Seven Suggestions for the Baltimore Symphony…That Aren’t About Money

In January 2008, at the height of a Writers’ Guild of America strike, I watched a moment of television that I will never forget.

That moment came during a landmark episode of The Colbert Report, the long-running show in which Stephen Colbert played a satirical caricature of an idiotic cable news pundit. This particular episode discussed how Stephen’s father, Dr. James Colbert, had just been hired as a hospital administrator when he became involved with negotiating an end to the infamous 1969 Charleston hospital workers’ strike. During that time, Dr. Colbert worked – successfully! – with activist Andrew Young to reach an agreement. Nearly forty years later, in the shadow of the WGA strike, Stephen interviewed Young in-character on his show. Video:

http://www.cc.com/video-clips/xw3v9i/the-colbert-report-andrew-young

The whole interview is interesting (if dated in certain ways…), but a couple of Young’s quotes lodged their way into my brain and have stayed there for over a decade.

“I was mayor of Atlanta and cities all over America were striking,” he said. “But a Teamster union organizer told me, ‘Strikes are never about money. Strikes are about respect.'” Young also said, “What your father did was be reasonable, and be humble.”

Strikes are never about money. Strikes are about respect.

Be reasonable, and be humble.

Lately much of the discourse surrounding the ongoing Baltimore Symphony lockout has centered around money: shaming of musicians for wanting to be paid a certain amount of money, concerns that money has been spent or distributed unwisely, tut-tutting at donors for not giving more money. And don’t get me wrong: God only knows, money is important! An orchestra can’t function without money, and a lot of it. The role of money should not, and cannot, be ignored here. Everyone, keep following the money!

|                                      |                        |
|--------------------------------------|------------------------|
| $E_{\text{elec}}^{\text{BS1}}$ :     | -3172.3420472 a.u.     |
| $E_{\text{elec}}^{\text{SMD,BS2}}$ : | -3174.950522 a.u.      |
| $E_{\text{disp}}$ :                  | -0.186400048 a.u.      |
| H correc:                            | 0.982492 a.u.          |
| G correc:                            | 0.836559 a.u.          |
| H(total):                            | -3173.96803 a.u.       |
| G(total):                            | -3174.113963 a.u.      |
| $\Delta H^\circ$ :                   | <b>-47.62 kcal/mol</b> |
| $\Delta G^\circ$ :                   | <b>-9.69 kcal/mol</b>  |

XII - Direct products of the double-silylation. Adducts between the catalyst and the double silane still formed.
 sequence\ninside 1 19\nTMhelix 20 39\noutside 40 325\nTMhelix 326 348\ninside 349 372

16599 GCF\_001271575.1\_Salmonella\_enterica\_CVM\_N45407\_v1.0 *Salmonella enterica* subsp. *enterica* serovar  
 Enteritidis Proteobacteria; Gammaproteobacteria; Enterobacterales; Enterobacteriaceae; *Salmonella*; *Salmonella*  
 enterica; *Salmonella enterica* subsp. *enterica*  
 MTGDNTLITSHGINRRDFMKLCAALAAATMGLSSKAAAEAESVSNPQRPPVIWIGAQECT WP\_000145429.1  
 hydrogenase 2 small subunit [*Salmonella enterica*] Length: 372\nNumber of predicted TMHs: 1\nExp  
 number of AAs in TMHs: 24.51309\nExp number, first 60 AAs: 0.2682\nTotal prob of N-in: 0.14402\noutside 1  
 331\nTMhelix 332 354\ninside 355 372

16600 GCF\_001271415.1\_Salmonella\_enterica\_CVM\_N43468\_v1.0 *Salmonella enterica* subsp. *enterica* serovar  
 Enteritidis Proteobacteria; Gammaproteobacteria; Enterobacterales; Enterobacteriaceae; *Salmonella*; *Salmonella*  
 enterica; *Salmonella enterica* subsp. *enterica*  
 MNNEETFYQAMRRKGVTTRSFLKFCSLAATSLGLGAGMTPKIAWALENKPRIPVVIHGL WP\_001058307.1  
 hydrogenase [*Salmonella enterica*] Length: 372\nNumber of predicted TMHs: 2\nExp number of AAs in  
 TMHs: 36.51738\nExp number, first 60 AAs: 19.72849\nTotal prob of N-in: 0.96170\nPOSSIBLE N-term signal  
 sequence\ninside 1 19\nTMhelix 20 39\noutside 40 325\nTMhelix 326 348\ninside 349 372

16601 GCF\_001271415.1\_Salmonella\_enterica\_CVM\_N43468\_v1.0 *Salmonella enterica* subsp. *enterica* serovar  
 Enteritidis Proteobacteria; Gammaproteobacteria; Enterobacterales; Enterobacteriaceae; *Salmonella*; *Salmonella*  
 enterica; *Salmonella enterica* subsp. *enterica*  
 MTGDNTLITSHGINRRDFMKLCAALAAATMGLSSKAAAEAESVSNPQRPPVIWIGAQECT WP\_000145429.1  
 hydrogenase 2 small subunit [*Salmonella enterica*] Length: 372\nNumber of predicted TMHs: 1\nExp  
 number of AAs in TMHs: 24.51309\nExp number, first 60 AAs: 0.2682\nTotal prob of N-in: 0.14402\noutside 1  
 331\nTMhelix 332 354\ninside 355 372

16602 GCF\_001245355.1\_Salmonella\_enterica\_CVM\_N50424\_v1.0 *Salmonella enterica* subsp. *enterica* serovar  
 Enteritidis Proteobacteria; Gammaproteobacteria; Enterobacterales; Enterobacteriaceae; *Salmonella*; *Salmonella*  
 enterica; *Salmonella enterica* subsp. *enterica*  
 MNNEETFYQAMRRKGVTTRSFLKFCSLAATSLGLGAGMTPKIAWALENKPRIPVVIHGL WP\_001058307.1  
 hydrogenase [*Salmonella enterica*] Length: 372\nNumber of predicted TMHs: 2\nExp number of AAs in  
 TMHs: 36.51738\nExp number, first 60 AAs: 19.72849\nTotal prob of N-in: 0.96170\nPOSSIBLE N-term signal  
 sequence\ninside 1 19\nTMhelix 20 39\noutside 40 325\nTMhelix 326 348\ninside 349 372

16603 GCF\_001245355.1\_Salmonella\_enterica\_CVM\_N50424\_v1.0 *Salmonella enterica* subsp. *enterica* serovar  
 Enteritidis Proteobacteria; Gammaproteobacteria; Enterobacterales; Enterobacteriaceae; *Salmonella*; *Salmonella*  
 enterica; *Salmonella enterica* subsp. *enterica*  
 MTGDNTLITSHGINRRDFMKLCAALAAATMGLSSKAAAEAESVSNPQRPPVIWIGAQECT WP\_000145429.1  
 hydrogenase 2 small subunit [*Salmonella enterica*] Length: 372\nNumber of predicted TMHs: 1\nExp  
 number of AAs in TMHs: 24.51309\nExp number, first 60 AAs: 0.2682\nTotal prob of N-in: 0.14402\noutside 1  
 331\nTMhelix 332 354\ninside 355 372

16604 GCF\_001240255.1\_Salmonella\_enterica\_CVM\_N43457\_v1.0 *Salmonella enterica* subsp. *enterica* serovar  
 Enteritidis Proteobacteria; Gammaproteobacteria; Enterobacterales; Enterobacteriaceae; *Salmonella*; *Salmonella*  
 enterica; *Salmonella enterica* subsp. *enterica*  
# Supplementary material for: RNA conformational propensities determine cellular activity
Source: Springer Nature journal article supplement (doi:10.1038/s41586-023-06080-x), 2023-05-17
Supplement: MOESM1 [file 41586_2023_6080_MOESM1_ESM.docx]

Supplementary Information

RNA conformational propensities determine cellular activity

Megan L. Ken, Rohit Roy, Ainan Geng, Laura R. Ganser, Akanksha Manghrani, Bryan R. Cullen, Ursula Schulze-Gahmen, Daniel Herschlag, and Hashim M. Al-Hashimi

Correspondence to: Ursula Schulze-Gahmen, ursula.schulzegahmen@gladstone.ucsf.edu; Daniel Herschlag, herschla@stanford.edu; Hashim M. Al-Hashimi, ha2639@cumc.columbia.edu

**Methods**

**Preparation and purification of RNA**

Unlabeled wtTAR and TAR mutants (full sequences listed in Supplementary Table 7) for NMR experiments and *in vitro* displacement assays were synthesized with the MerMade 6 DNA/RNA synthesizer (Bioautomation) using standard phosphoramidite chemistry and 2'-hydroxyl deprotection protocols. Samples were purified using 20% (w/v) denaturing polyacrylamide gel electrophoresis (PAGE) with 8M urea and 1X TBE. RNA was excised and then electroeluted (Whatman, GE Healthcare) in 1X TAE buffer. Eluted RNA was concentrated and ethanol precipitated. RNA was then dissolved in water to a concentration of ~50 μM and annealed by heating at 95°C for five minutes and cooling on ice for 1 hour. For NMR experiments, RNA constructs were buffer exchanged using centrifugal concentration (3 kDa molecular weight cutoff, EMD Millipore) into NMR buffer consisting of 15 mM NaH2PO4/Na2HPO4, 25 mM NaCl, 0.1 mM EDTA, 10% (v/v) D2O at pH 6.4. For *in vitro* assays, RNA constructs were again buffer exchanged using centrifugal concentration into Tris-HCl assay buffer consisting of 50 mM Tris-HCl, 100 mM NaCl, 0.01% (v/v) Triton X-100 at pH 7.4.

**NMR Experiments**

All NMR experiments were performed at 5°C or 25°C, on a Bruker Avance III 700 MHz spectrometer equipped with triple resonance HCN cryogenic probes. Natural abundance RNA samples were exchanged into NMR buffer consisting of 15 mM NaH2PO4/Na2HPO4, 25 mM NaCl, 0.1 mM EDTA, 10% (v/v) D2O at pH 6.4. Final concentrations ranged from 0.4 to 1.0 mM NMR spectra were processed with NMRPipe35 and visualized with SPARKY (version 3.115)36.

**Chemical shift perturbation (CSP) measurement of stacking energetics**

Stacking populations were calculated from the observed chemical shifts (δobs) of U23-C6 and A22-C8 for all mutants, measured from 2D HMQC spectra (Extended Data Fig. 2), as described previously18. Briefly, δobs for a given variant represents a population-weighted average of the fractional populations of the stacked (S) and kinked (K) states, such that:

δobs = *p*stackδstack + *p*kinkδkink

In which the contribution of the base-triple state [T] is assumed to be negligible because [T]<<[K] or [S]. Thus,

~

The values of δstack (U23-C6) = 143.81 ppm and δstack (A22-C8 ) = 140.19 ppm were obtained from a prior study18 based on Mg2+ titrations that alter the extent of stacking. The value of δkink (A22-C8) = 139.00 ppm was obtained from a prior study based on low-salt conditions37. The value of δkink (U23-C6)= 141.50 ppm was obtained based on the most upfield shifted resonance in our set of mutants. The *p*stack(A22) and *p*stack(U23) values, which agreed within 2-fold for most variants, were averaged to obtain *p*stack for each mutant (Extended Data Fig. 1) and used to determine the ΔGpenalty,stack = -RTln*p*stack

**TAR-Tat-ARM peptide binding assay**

But! If the Baltimore Symphony administration focuses on money and the bottom line at the cost of everything else – ignoring politicians’ and donors’ and customers’ and citizens’ concerns over governance in the process – that orchestra’s future will be a small and bleak one.

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The Baltimore Symphony: Burning Gifts and Burning GIFs

As everyone knows, our world is on fire. Sometimes literally, but always figuratively.

The Internet, in its infinite wisdom, has settled upon a metaphor to evoke the broiling ever-present destruction:

The dumpster fire.

The scholarly website KnowYourMeme.com offers the following definition of a “dumpster fire”:

a pejorative term used to describe something as a spectacular failure or disaster, in a similar vein to other colloquial terms like “trainwreck” or “sh*tshow.”

Merriam-Webster is more to the point:

an utterly calamitous or mismanaged situation or occurrence : DISASTER

Needless to say, the Baltimore Symphony lockout is a dumpster fire.

A new vague proposal (threat?) floated in the Baltimore Sun on July 10th is, to my eyes, a potential game-changer. And not just for Baltimore, either: for managements, musicians, donors, and patrons all over the United States.

If what Chris Bartlett, the chair of the Baltimore Symphony Endowment Trust, proposes in this article comes to pass, a philanthropic Rubicon will have been crossed: a blazing dumpster fire fueled. And across that river, and beneath that trash, lay myriads of unsettling, unnerving unknowns.

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The Baltimore Symphony: Three Strikes And You’re Out

The Baltimore Symphony locked out its musicians as of 12:01 AM on Monday, June 17th.

If you’re fuzzy as to the definition of a lockout (as I was seven [!] years ago when I first started writing about orchestral labor disputes), here’s the dictionary definition.

A lockout is:

the withholding of employment by an employer and the whole or partial closing of the business establishment in order to gain concessions from or resist demands of employees

Merriam Webster dictionary

I want to preface the rest of this with my opinion. To my mind, a lockout is the most horrifying, corrosive form of labor dispute. It does not pave the way to a stronger, healthier organization. It is symptomatic of breakdown. Thought of charitably, it is an admission of failure: a confession of incompetence. Thought of less charitably, it is a form of arson meant to quickly transform an organization, or to score political or social points.

That interpretation rings especially true when a lockout happens at an orchestra. An orchestra’s reason for being isn’t to make money, but rather to improve the lives of citizens. The music is the product. Therefore, you cannot lock out an orchestra without simultaneously locking out audiences, the entire justification for the organization’s existence. This simple fact makes orchestral lockouts especially serious and grave.

Because a lockout is such an unspeakably extreme last resort, it is the responsibility of any management team to broadcast the severity of the situation calmly and consistently over a period of years, and then, more importantly, to respect stakeholders and to search tirelessly for equal partners to help fix problems with.